Delta Air Lines: Focusing On Reducing Jet Fuel Costs And Slim-Line Seats

| About: Delta Air (DAL)

Delta Air Lines (DAL) is the only airline that operates a crude oil refinery. To reduce its fuel cost, which is around 25%-30% of the airline's operating cost, the company plans to increase activities at its Trainer refinery, which was acquired from ConocoPhillips (COP) last year. Production from this refinery will reduce Delta's jet fuel cost. With the infrastructure changes in the Trainer refinery, Delta can increase production of "higher value distillate fuels" - diesel and jet fuel - by up to 40% of the refinery's output this year.

By operating the refinery Delta has an edge over the other airlines in hedging fuel cost. Airlines normally take a counter position in long-term futures contracts to hedge jet fuel cost, but they can't hedge the crack spread or refiners' profit margin -- the difference between the cost of crude oil and the selling price of jet fuel, which fluctuates on supply, demand and market trends. Delta's refinery lets the company hedge its fuel cost and increase its crack spread. This will generate extra income and thus improve Delta's financial position.

The Trainer refinery has the capacity to refine 185,000 barrels per day (bpd). Earlier Delta refined Brent crude, and starting this year it plans to refine 70,000 bpd lower-cost domestic crude, mainly from the Bakken region, compared to 17,000 bpd last year. In the long term, it plans to refine around 75,000 bpd to 100,000 bpd crude from the Bakken region. By shifting focus to Bakken crude, Delta could lower the average crude cost by $2-$3 per barrel, which will in turn reduce its refinery operational cost by more than $150 million annually. This is expected to also reduce Delta's jet fuel cost significantly, as every cent less spent on fuel will allow the company to save around $40 million annually.

The Trainer refinery supplies Delta's Northeast operation. Jet fuel from this refinery is transported by pipeline and barge to airports, including Boston's Logan and New York's LaGuardia and John F. Kennedy. The supplying facility at these airports gives Delta easy access to jet fuel for its aircraft, as it flew around 400 daily flights from these locations. This will maintain the regular supply of jet fuel at these ports. I expect Delta may supply the surplus jet fuel to other airlines, which will add to its refinery top line and reduce its average fuel cost.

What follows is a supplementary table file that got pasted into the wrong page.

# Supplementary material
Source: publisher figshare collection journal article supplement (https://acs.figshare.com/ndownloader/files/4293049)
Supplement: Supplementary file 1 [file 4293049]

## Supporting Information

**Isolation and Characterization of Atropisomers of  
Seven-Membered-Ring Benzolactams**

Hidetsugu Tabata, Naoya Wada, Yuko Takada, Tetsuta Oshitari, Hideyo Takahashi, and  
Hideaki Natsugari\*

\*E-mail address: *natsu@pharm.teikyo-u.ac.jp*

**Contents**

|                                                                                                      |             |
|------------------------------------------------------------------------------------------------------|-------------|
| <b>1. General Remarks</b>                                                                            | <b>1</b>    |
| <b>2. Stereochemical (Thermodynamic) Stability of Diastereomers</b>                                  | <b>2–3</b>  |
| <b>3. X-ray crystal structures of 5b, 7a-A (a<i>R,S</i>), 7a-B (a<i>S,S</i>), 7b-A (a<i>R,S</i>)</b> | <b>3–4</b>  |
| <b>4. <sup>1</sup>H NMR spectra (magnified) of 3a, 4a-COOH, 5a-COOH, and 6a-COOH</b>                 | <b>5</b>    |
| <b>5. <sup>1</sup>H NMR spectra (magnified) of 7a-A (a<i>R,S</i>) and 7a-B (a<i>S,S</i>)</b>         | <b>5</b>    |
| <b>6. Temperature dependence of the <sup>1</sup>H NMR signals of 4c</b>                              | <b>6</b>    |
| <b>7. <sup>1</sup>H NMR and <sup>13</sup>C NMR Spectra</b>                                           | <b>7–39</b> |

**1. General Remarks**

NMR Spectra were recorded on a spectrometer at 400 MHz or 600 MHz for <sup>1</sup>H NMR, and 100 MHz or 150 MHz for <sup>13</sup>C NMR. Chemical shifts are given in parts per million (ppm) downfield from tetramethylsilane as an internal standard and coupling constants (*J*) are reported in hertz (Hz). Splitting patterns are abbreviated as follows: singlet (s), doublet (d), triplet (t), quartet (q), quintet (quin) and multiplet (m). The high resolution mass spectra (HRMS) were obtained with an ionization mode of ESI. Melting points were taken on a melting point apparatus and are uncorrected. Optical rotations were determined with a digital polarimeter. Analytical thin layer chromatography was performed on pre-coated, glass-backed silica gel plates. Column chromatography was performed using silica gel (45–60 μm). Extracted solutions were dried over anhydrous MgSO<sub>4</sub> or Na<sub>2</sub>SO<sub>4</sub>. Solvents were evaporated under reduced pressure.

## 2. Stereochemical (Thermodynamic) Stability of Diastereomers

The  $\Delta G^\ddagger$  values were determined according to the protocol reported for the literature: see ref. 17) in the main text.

Along with its operating refinery, and by incorporating more fuel-efficient aircraft in its fleets and replacing the old fleets with newer, more fuel-efficient and higher-seating-capacity aircraft, it reduced fuel cost and related taxes by 7% year over year. Further, by raising fares, Delta generated net income of $8.5 billion or $9.89 per share in the fourth quarter of 2013 compared to $7 million in the same quarter last year. This included a non-cash tax benefit of around $8 billion, which lead to net earnings of $558 million, or $0.65 per share.

This growth trend is expected to continue in the next quarter as well as the company plans to replace its smaller 50-seat regional jets with more cost-efficient, higher-capacity aircraft.

Improving in-flight facilities and adding more slim-line seats

Delta is improving in-flight facilities to enhance its passenger revenue per available seat mile (PRASM) and installing slim-line seating, which will reduce its fuel cost. These strategies enabled Delta to increase its PRASM by 3% year over year in 2013. Up until the third quarter of 2013, Delta restructured around one-third of its fleet with slim-line seats. To further increase its PRASM, Delta plans a capital expenditure of $770 million by 2016, restructuring its 225 domestic narrow-body aircraft by increasing the number of seats and larger-capacity overhead bins. It will increase carry-on baggage space by 50%-60% and add slim-line seats without affecting customer comfort.

Additionally, by installing more slim-line seats the company expects to enhance revenue while reducing fuel cost, as other airlines such as United Continental Holdings (UAL), Southwest Airlines (LUV) and Alaska Airlines (ALK) have done by incorporating this strategy. By adding six economy-class seats on their 140-seat flights, these airlines increased revenue by more than 4%. Also, the lighter seats reduced fuel cost. For instance, Southwest Airlines by installing the additional slim-line seats will reduce its annual fuel cost by around $10 million. These modifications are expected to enable the airlines to enhance revenue without adding a flight on the same route, which will in turn generate extra fuel savings.

I expect this restructuring will enable Delta to enhance its PRASM and reduce its fuel cost significantly. Further, this will also allow Delta to capture market share in the U.S.


Delta Air Lines' strategy to expand the production at its Trainer refinery and use more Bakken crude will allow it to reduce its average fueling cost by hedging the jet fuel prices and increasing the crack spread. Further, restructuring its fleets through more slim-line seating will strengthen its financial performance by increasing PRASM and reducing average fuel cost. These strategies will enable Delta to generate an operating margin of 6%-8% for the quarter ending in March 2014 and thus improve its future bottom line.

Disclosure: I have no positions in any stocks mentioned, and no plans to initiate any positions within the next 72 hours.

Business relationship disclosure: Fusion Research is a team of equity analysts. This article was written by Madhu Dube, one of our research analysts. We did not receive compensation for this article (other than from Seeking Alpha), and we have no business relationship with any company whose stock is mentioned in this article